Rescued Thai team still faces challenges

Rescued Thai soccer team still faces challenges

The world rejoiced when rescuers succeeded in getting all 12 boys and their soccer coach safely out of a flooded cave system in Thailand after more than two weeks, but while they are now in the hospital, it could still be a long road to recovery.

“There's just a lot of difficulty getting out of that situation. It's a beautiful miracle,” said Keith Van Meter, LSU Health Sciences Chief of Emergency Medicine, who works extensively with dive accidents. “The commercial divers here in the Gulf will tell you - the ones that have had entrapment - that it is an extremely forlorn situation."

While the evacuation of the cave is a triumph, there is still potential danger for The Wild Boars team.

“The stress of just being trapped," he said. "The unknowns, the darkness - that would be very hard on an immune system.”

Stress, dehydration and malnutrition leave the team susceptible to other illnesses.

“Also the microbes that could be in a cave. The cave definitely has the potential to have bats. Bats have to go to the bathroom and in some of the droppings there are very bad organisms,” according to Van Meter.

He says bats can also carry rabies and caves foster a fungus called histoplasmosis that causes sickness as well. It would also be easier for a viral infection to take hold.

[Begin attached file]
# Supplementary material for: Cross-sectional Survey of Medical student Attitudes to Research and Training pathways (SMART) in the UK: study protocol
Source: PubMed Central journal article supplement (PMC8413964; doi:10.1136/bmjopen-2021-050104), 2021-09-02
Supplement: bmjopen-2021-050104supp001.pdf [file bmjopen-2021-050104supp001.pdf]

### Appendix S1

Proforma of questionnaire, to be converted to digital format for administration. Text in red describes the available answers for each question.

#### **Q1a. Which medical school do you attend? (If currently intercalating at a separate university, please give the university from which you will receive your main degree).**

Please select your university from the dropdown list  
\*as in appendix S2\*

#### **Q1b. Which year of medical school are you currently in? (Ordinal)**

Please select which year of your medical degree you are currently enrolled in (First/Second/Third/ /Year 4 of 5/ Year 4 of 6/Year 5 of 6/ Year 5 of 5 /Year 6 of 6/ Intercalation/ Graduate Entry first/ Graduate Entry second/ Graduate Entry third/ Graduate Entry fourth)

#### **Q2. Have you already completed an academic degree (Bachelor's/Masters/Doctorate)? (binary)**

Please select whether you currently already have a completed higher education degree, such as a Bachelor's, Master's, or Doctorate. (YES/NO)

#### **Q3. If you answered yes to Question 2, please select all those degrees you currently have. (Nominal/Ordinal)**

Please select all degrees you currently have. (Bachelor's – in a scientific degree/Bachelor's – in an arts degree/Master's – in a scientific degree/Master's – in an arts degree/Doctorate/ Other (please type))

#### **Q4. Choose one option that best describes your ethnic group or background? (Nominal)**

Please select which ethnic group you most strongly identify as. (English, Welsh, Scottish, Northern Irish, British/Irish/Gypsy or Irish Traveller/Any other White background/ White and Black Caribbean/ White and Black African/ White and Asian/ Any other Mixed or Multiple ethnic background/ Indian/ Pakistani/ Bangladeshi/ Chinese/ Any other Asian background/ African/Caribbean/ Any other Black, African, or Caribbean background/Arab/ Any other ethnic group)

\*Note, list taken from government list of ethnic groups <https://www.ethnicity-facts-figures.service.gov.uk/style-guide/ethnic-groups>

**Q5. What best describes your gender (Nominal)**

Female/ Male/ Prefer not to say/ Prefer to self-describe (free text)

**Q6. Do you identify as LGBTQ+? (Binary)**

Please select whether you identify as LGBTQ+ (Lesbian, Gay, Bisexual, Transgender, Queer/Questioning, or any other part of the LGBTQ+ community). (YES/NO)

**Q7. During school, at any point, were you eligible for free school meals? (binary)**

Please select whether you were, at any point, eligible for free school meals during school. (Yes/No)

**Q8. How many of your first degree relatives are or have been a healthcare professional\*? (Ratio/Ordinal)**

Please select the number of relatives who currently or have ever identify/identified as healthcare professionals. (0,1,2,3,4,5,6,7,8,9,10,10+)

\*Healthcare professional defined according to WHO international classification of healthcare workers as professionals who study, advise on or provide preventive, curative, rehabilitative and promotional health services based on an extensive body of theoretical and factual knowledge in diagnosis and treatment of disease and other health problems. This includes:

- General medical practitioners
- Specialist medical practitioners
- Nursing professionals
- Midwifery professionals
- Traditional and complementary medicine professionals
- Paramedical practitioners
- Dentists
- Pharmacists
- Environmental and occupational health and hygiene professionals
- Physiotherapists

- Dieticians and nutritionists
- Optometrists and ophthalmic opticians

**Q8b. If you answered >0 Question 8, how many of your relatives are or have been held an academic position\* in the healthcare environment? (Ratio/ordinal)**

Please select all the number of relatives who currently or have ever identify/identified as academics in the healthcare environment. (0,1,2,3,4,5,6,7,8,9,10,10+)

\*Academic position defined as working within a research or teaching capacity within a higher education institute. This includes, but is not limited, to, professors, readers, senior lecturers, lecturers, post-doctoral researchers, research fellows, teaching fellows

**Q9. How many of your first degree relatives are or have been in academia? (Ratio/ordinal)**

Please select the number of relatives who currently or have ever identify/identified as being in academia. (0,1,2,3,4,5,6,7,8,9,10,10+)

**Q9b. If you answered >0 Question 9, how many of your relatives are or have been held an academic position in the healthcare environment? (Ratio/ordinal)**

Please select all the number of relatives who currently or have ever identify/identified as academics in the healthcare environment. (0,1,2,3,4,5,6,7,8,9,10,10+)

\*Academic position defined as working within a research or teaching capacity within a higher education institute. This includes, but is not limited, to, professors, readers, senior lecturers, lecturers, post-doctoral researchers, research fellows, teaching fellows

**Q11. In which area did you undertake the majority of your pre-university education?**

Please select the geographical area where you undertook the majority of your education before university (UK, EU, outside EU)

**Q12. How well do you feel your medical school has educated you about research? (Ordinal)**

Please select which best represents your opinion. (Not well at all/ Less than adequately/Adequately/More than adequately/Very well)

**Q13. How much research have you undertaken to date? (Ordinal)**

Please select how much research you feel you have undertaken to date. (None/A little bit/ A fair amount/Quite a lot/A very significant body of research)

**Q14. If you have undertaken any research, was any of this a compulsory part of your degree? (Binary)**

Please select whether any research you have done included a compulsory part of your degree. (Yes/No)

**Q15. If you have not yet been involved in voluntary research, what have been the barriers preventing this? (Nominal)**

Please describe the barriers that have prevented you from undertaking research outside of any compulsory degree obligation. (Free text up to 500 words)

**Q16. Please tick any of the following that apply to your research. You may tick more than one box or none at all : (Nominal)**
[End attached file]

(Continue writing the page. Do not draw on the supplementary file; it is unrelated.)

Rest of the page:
“The incubation times or the appearance of some of these organisms probably could take as long as two or more weeks,” said Van Meter.

He also says there is a risk of infection in cuts from the sharp edges throughout the cave system.

The group seems to have managed well during their entrapment and rescue. Van Meter said, “Their esprit de corps that a team could amalgamate itself that closely together to just psychologically survive that type of experience.”

Long term experts say the psychological effects will be long lasting and could take many forms. Professor Neil Greenberg is a consultant occupational and forensic psychiatrist specializing in PTSD at the Institute of Psychiatry, Psychology and Neuroscience, (IPPN.)

“In the long term, yes it could cause changes," he said. "It could cause wiring patterns and alterations, so that someone who was developing into a daredevil for instance might decide that they were going to take less risks. That's possible but we also might see the opposite, where actually someone who didn't think they could cope with situations like this would actually realize that they could, and so that might actually increase their resilience. There's a term which is called post-traumatic growth which kind of describes the fact that anything that doesn't kill us, makes us stronger."       

Van Meter says they will certainly have to deal with problems in the sleep cycle as well after being immediately plunged from daylight to such a long period of darkness.

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